of Haj in life of a Muslim
of the fundamental duties in Islam is that of Haj. Laying
it down as an essential religious obligation upon Muslims,
the Holy Quran says: "Pilgrimage thereto is a duty men owe
to Almighty God - those who can afford the journey, but if
any deny faith, God stands not in need of any of His creatures"
(III:97). In this verse while Haj has been declared obligatory,
it has been made clear that it is applicable only to those
who possess the means and material resources to undertake
it. But care has to be taken in interpretation of the last
part of the verse.
that if Muslims whom Almighty Allah has blessed with the necessary
means to perform pilgrimage fail to carry out their duty through
sheer ingratitude, then Almighty God does not stand in need
of their pilgrimage. He will definitely lose nothing by their
not performing Haj - the loss will be entirely theirs.
obligatory on every adult who can afford the journey, and
this duty is to be performed only once in a person's lifetime.
No other institution in the world has the wonderful influence
that Haj does. It helps in levelling all distinctions of race,
colour and rank. Not only do people of all races and countries
meet together in front of the Holy House of Almighty God as
His servants and the members of one Divine family, they also
have the same dress code. All of them are wrapped in two white
sheets, and there remains nothing to distinguish those who
are monetarily well off, from those who aren't.
is a vast concourse of human beings, all dressed in the same
way, moving in one manner, and all uttering the same words,
"Labbaika Allah-umma labbaika," meaning, "Here are we, O Allah!
here are we in Thy presence". It is Haj alone that brings
into the domain of practicality what would otherwise seem
impossible, namely that all people, to whatever class or country
they belong speaking one language and having uniformity in
their dress code. Thus every Muslim is made to pass once in
his life through that narrow gate of equality which leads
to broad brotherhood. All men are equal at birth and death;
they come into life in one way and leave this world in another
way, but both these ways are the same for all.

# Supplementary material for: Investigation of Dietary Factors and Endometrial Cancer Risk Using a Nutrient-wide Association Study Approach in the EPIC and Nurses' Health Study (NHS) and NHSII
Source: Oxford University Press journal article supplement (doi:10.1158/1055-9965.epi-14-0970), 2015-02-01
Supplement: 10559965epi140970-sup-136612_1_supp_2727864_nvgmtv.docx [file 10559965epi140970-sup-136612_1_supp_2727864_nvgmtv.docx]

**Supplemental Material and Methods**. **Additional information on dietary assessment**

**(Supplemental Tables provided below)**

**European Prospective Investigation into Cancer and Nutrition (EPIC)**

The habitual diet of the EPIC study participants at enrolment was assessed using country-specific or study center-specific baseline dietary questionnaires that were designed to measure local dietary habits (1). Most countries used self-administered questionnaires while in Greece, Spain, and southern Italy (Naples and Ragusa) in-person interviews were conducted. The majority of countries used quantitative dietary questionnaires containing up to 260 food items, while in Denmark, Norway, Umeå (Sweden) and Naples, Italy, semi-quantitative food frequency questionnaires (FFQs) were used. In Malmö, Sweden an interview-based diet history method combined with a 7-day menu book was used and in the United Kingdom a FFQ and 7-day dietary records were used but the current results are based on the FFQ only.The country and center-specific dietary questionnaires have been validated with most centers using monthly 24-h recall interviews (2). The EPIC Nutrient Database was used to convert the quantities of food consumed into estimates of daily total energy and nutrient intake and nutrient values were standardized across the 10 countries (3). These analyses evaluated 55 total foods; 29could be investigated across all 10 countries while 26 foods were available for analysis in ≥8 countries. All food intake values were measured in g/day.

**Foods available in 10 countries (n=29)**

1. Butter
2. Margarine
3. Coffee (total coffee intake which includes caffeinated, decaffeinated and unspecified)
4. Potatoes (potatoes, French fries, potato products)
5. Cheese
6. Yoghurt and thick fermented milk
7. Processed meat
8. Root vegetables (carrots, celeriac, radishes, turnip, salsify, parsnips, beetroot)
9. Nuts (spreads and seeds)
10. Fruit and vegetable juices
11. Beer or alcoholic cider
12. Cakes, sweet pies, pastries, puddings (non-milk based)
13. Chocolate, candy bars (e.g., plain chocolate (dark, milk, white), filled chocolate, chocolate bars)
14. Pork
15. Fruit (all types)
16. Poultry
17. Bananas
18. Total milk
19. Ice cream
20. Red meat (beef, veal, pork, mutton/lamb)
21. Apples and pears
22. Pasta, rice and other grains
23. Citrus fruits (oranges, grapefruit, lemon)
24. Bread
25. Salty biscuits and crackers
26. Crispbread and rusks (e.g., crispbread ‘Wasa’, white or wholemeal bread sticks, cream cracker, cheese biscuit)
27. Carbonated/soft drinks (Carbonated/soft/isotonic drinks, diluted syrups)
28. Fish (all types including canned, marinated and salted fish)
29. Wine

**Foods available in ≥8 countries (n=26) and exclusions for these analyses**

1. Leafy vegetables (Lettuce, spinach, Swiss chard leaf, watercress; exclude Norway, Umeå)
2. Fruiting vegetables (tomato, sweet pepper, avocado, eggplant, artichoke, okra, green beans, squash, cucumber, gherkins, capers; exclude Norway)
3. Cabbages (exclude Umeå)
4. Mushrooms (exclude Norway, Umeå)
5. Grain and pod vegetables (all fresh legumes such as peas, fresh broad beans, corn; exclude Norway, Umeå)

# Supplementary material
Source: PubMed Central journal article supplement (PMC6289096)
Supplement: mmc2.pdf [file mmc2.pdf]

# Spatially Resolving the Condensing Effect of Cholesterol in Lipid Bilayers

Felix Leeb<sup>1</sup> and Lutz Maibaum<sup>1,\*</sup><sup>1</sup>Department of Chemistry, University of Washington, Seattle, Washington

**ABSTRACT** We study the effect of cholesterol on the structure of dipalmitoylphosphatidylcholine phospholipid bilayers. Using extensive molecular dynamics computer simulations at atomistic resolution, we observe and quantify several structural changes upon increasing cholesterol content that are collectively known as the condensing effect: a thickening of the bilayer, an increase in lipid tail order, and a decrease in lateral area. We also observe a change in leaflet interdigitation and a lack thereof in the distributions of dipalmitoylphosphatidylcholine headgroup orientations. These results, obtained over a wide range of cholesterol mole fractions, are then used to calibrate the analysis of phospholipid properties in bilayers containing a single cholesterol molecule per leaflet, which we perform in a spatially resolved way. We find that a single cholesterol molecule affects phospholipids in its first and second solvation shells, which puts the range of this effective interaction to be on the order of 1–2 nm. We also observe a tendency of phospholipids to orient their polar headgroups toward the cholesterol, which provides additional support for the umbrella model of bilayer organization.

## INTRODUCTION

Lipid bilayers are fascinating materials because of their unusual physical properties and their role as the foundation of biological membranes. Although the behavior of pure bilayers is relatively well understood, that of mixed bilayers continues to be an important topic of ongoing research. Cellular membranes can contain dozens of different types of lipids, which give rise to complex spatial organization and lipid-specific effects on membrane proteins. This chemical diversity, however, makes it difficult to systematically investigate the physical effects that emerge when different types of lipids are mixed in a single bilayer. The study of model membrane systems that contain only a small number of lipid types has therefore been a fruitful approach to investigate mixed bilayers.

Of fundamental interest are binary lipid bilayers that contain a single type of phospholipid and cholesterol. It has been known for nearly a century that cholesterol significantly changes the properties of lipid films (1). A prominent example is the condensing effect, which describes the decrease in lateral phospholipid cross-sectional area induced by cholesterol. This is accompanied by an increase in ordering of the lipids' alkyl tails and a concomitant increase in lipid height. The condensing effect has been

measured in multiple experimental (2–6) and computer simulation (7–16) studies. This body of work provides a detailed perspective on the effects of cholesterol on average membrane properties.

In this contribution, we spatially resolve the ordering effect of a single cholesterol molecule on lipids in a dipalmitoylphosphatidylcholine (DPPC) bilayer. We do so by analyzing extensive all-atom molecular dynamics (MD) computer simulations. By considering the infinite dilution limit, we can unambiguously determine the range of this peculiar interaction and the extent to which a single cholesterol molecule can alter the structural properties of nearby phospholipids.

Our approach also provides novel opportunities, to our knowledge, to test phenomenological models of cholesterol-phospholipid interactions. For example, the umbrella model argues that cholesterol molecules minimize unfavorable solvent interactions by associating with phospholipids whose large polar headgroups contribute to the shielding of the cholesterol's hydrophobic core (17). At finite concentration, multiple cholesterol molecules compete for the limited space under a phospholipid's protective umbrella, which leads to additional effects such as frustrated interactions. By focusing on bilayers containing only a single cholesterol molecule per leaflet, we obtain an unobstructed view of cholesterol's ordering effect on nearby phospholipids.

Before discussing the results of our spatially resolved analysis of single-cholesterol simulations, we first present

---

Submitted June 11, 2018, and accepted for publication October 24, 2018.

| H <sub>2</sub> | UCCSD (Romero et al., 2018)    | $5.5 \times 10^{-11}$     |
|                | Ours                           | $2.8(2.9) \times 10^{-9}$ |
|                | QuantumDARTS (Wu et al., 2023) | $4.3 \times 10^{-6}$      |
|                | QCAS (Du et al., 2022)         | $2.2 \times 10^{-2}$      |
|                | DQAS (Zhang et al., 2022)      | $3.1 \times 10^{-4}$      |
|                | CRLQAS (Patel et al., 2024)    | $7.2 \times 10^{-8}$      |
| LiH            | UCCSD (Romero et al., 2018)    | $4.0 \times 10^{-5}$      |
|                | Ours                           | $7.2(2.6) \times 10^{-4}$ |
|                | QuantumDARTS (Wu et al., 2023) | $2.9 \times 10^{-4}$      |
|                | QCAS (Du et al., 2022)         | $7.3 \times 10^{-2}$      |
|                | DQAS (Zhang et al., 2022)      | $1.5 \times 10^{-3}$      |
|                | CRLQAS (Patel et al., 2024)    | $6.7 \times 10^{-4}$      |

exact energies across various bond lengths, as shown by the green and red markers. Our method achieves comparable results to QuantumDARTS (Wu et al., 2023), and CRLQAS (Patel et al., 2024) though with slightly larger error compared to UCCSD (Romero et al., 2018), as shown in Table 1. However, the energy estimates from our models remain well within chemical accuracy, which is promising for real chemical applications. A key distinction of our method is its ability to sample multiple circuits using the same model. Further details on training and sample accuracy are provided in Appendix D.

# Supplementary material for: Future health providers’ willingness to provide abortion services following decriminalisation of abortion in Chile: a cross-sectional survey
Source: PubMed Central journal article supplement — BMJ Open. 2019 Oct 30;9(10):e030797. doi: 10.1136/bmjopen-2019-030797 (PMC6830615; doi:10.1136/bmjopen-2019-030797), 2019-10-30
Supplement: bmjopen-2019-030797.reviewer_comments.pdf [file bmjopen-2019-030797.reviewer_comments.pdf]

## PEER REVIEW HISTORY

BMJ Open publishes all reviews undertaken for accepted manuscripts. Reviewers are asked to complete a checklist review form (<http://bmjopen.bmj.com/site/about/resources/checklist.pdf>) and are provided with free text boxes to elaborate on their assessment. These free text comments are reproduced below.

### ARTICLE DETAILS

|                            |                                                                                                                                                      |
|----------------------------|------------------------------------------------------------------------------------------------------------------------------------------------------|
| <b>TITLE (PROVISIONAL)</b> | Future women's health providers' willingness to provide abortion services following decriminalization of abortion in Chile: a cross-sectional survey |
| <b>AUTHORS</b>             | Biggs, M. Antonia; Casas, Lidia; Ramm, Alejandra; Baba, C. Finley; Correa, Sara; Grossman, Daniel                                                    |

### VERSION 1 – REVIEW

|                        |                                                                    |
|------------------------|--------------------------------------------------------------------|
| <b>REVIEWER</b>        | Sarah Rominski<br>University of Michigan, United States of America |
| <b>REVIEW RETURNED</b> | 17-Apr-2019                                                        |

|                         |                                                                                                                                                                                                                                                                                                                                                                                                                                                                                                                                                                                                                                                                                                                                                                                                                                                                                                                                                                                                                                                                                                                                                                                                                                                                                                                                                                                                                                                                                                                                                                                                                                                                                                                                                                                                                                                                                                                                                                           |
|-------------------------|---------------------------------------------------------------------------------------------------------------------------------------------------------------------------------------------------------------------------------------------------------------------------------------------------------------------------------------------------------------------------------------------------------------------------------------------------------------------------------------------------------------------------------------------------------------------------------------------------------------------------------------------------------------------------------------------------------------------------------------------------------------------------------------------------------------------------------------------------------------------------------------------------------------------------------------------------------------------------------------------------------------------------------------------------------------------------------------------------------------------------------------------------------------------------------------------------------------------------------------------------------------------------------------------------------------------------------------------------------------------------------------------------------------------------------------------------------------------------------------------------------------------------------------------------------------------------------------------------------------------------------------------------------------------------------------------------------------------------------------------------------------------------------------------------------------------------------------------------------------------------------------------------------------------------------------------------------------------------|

living in this world, Haj is the only occasion when they are
taught how to live , act and feel in one manner.
writers describe Haj, they make note only of its outward actions.
They have never tried to discover the real significance of
Haj. Looking broadly at the scene at Makkah during the Haj
days, one is struck first of all by the unity that can be
seen to prevail among the discordant elements of humanity.
Deeper than that, however, lies another value of Haj, and
this is the higher spiritual experience which is made possible
by this unique assemblage of men - the experience of drawing
closer and closer to Almighty God till man feels that all
those veils that keep him away from Almighty God have been
lifted and he is standing in the Divine presence of Almighty
member of this great assemblage sets out from his home with
that object in view. He discards all those comforts of life
which act as a veil against the inner sight.
significance of a man's spiritual experience in an assemblage
is evident from another point of view as well. That there
is a mysterious way from one heart to another is an undeniable
truth. Therefore, the company of a man who is inspired by
similar feelings and who is undergoing a similar experience
is undoubtedly an additional force to the spiritual experience
of each one of those performing Haj.
case of thousands of men, even hundreds of thousands, all
inspired by the one idea of feeling the presence of the Divine
Being, all concentrating their minds on the One Supreme Being
Whose Goodwill, for the time being, is their sole object.
And add to this the mighty effect of the outward unity of
them all, all clad in the same two sheets, all crying in one
language what is understood by all, "Labbaika Allah-umma labbaika"
- "Here we are, O Allah! Here are we in Thy presence." Their
appearance, as well as the words which are on their lips,
show that they are standing in the Divine Being's presence,
and are so engrossed in the contemplation of Almighty Allah
that they have lost all ideas of the self.
God is surely not in Makkah to the exclusion of other places,
yet that vast assemblage at Makkah sees Him and feels His
presence as if He is actually there in their very midst. Such
is the higher spiritual experience of the pilgrims in Makkah,
the experience, not of a hermit shut up in his closet cut
off from the world, but of a mighty concourse gathered together
in one place.